Dora B. Montefiore 1920
Source: The Call, 17 June 1920, p. 9 (353 words)
Transcription: Ted Crawford
HTML Markup: Brian Reid
Public Domain: Marxists Internet Archive (2007). You may freely copy, distribute, display and perform this work; as well as make derivative and commercial works. Please credit “Marxists Internet Archive” as your source.
Our comrade, R.M. Fox, has made in the “Call” an appeal worthy of the idealist and fighter, Jim Larkin, and I want to have the privilege of adding my voice to the protest that is going up from the workers against the sentence passed on him in America, of ten years’ imprisonment for the offence of “standing by the working class.”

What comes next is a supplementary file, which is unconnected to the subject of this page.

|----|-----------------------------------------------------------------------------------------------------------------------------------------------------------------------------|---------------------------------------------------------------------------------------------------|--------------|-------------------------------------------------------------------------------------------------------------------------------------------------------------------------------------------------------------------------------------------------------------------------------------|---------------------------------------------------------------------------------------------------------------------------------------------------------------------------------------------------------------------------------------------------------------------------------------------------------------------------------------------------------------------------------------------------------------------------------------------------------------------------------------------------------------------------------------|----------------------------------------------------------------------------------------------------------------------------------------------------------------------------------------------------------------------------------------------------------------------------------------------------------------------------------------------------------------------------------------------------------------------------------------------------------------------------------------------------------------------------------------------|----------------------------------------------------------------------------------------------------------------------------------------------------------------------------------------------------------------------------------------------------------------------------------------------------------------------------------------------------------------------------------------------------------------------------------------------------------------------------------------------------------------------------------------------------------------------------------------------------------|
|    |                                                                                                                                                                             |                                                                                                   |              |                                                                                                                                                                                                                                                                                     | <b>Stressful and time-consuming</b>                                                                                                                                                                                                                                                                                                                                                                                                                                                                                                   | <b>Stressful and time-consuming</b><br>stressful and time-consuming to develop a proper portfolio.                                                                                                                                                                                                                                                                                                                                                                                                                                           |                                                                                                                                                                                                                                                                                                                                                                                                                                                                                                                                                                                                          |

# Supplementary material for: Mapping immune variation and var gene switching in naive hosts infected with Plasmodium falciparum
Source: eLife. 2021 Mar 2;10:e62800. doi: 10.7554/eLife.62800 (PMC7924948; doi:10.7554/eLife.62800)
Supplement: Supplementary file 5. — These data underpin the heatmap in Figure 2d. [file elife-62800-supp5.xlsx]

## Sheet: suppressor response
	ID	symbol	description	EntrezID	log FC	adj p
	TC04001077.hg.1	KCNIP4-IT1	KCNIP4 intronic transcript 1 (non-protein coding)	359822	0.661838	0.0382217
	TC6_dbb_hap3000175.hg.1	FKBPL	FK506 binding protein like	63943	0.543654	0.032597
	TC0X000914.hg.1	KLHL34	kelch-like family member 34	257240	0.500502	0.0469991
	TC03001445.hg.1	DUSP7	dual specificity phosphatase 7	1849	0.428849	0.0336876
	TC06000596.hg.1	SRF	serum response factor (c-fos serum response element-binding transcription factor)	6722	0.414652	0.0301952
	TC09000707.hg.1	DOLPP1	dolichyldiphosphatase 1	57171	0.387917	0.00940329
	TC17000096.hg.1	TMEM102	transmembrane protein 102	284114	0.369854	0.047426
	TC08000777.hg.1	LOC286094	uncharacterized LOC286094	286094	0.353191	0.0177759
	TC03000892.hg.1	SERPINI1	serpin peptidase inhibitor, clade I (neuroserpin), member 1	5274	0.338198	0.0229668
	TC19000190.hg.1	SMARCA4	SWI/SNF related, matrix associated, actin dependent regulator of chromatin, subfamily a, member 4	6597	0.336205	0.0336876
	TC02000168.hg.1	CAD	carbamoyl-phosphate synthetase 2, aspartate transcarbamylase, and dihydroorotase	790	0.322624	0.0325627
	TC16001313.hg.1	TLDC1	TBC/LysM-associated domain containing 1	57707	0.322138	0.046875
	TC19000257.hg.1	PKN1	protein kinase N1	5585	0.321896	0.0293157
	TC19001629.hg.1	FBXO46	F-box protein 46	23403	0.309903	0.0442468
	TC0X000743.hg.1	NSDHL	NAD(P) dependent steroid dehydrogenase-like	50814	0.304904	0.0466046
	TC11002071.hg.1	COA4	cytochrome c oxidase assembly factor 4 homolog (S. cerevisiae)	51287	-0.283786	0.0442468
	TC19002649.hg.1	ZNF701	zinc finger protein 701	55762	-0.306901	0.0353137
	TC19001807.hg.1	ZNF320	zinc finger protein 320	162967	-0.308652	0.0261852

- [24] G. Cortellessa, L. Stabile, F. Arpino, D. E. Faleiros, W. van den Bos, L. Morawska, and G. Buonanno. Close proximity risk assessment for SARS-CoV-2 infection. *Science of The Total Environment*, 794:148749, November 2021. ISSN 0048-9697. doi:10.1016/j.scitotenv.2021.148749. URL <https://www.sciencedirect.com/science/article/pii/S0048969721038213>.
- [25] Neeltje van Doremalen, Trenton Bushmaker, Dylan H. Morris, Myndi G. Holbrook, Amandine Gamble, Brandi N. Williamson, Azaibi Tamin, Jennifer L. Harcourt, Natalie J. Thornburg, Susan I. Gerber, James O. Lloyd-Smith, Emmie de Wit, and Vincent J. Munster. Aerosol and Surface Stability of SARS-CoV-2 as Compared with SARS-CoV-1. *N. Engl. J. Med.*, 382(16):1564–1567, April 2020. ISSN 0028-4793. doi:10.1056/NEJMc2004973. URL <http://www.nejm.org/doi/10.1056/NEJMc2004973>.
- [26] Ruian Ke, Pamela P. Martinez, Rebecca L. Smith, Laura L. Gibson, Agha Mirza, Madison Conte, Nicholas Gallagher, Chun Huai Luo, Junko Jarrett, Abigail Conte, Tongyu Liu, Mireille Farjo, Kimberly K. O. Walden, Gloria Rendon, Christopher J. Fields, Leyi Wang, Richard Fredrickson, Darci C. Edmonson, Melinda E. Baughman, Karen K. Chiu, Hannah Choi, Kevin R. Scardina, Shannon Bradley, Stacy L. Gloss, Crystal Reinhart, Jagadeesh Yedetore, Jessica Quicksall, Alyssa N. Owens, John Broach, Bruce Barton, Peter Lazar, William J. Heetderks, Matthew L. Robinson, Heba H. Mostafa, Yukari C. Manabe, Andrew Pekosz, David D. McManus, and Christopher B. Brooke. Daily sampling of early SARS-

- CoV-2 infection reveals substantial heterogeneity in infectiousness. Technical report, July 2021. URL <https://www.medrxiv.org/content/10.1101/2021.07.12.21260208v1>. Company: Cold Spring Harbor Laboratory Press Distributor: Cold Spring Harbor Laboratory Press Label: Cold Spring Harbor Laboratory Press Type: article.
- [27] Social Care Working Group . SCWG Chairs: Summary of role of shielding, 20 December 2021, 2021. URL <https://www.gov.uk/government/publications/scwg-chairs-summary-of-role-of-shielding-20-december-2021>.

I got to know and to appreciate the real “fineness” of Larkin at the time of the strike of the Transport Workers in Dublin, when I went over from the “Daily Herald” on a mission, which it was hoped would help save from starvation the thousands of children of the strikers. Jim and his sister Delia were the moving spirits at Liberty Hall, where dinners for the mothers and children were being cooked in the cellars, where the young men and girls were industrially organised in the different rooms in the building, where lectures were held, complaints heard, and advice given, where Jim Connolly edited the “Irish Worker,” and where eventually rooms were set apart for the use of our mission, where we organised the transportation of the children of the strikers to working class homes in England, and clothed them in the garments sent by English Cooperators. I saw Larkin from day to day at close quarters, and I want to tell the English workers, if some there are who do not already know it, that no one has ever worked more simply, more devotedly, more intelligently for the welfare of his fellow-workers than has Jim Larkin. When I was arrested in Dublin on the got-up charge of “kidnapping children,” Jim Larkin stood by me, and sent friends to bail me out. It is up to me, it is up to the organised workers to do their best now for Larkin. Organised workers are beginning to feel what their real power is when they refuse to handle munitions that are sent to shoot down their fellow workers. Let them refuse to handle American imports till Larkin, Debs, and Haywood, are free men.